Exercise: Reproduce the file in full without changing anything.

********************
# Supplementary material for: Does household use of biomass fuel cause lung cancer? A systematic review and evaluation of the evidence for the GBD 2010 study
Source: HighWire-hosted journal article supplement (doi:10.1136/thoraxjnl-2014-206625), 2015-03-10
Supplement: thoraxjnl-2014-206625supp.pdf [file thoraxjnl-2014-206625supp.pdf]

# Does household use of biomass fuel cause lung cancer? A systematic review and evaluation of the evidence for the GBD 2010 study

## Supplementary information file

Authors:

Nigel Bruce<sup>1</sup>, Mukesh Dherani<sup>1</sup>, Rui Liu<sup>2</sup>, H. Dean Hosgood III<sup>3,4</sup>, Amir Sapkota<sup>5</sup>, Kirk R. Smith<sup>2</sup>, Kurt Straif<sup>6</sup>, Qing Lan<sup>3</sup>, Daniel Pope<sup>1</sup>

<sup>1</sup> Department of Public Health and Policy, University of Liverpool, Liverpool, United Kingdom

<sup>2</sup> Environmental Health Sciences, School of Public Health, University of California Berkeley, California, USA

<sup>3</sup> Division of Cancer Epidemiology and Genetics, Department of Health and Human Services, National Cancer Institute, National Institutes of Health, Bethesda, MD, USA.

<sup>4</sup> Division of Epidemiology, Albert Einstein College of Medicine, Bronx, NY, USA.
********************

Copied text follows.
# Supplementary material for: Does household use of biomass fuel cause lung cancer? A systematic review and evaluation of the evidence for the GBD 2010 study
Source: HighWire-hosted journal article supplement (doi:10.1136/thoraxjnl-2014-206625), 2015-03-10
Supplement: thoraxjnl-2014-206625supp.pdf [file thoraxjnl-2014-206625supp.pdf]

# Does household use of biomass fuel cause lung cancer? A systematic review and evaluation of the evidence for the GBD 2010 study

## Supplementary information file

Authors:

Nigel Bruce<sup>1</sup>, Mukesh Dherani<sup>1</sup>, Rui Liu<sup>2</sup>, H. Dean Hosgood III<sup>3,4</sup>, Amir Sapkota<sup>5</sup>, Kirk R. Smith<sup>2</sup>, Kurt Straif<sup>6</sup>, Qing Lan<sup>3</sup>, Daniel Pope<sup>1</sup>

<sup>1</sup> Department of Public Health and Policy, University of Liverpool, Liverpool, United Kingdom

<sup>2</sup> Environmental Health Sciences, School of Public Health, University of California Berkeley, California, USA

<sup>3</sup> Division of Cancer Epidemiology and Genetics, Department of Health and Human Services, National Cancer Institute, National Institutes of Health, Bethesda, MD, USA.

<sup>4</sup> Division of Epidemiology, Albert Einstein College of Medicine, Bronx, NY, USA.